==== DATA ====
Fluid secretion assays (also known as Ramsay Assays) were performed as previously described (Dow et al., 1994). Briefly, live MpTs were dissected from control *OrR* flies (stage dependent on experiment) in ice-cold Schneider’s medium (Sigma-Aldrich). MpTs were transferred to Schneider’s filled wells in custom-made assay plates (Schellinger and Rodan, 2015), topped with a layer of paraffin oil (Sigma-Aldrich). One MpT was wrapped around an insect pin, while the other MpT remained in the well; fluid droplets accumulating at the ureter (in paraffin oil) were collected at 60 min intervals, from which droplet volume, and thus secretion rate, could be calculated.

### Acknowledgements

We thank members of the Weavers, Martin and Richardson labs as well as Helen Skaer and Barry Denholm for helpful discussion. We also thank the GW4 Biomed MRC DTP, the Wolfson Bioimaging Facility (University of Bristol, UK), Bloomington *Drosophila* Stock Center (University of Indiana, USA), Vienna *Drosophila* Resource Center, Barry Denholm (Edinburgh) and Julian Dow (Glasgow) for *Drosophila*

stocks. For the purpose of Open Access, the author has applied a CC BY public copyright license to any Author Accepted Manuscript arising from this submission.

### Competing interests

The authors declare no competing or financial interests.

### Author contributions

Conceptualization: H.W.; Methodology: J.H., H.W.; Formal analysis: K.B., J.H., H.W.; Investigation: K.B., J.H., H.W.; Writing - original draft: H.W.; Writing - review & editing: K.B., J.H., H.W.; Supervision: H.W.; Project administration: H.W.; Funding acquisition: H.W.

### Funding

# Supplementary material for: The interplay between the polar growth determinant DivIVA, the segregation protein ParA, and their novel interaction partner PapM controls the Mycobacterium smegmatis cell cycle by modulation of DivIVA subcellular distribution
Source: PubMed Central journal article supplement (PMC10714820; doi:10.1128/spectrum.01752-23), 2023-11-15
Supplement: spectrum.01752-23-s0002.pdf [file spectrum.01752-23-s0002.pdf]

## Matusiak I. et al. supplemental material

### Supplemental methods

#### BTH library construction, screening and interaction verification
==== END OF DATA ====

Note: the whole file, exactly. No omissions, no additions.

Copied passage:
Fluid secretion assays (also known as Ramsay Assays) were performed as previously described (Dow et al., 1994). Briefly, live MpTs were dissected from control *OrR* flies (stage dependent on experiment) in ice-cold Schneider’s medium (Sigma-Aldrich). MpTs were transferred to Schneider’s filled wells in custom-made assay plates (Schellinger and Rodan, 2015), topped with a layer of paraffin oil (Sigma-Aldrich). One MpT was wrapped around an insect pin, while the other MpT remained in the well; fluid droplets accumulating at the ureter (in paraffin oil) were collected at 60 min intervals, from which droplet volume, and thus secretion rate, could be calculated.

### Acknowledgements

We thank members of the Weavers, Martin and Richardson labs as well as Helen Skaer and Barry Denholm for helpful discussion. We also thank the GW4 Biomed MRC DTP, the Wolfson Bioimaging Facility (University of Bristol, UK), Bloomington *Drosophila* Stock Center (University of Indiana, USA), Vienna *Drosophila* Resource Center, Barry Denholm (Edinburgh) and Julian Dow (Glasgow) for *Drosophila*

stocks. For the purpose of Open Access, the author has applied a CC BY public copyright license to any Author Accepted Manuscript arising from this submission.

### Competing interests

The authors declare no competing or financial interests.

### Author contributions

Conceptualization: H.W.; Methodology: J.H., H.W.; Formal analysis: K.B., J.H., H.W.; Investigation: K.B., J.H., H.W.; Writing - original draft: H.W.; Writing - review & editing: K.B., J.H., H.W.; Supervision: H.W.; Project administration: H.W.; Funding acquisition: H.W.

### Funding

# Supplementary material for: The interplay between the polar growth determinant DivIVA, the segregation protein ParA, and their novel interaction partner PapM controls the Mycobacterium smegmatis cell cycle by modulation of DivIVA subcellular distribution
Source: PubMed Central journal article supplement (PMC10714820; doi:10.1128/spectrum.01752-23), 2023-11-15
Supplement: spectrum.01752-23-s0002.pdf [file spectrum.01752-23-s0002.pdf]

## Matusiak I. et al. supplemental material

### Supplemental methods

#### BTH library construction, screening and interaction verification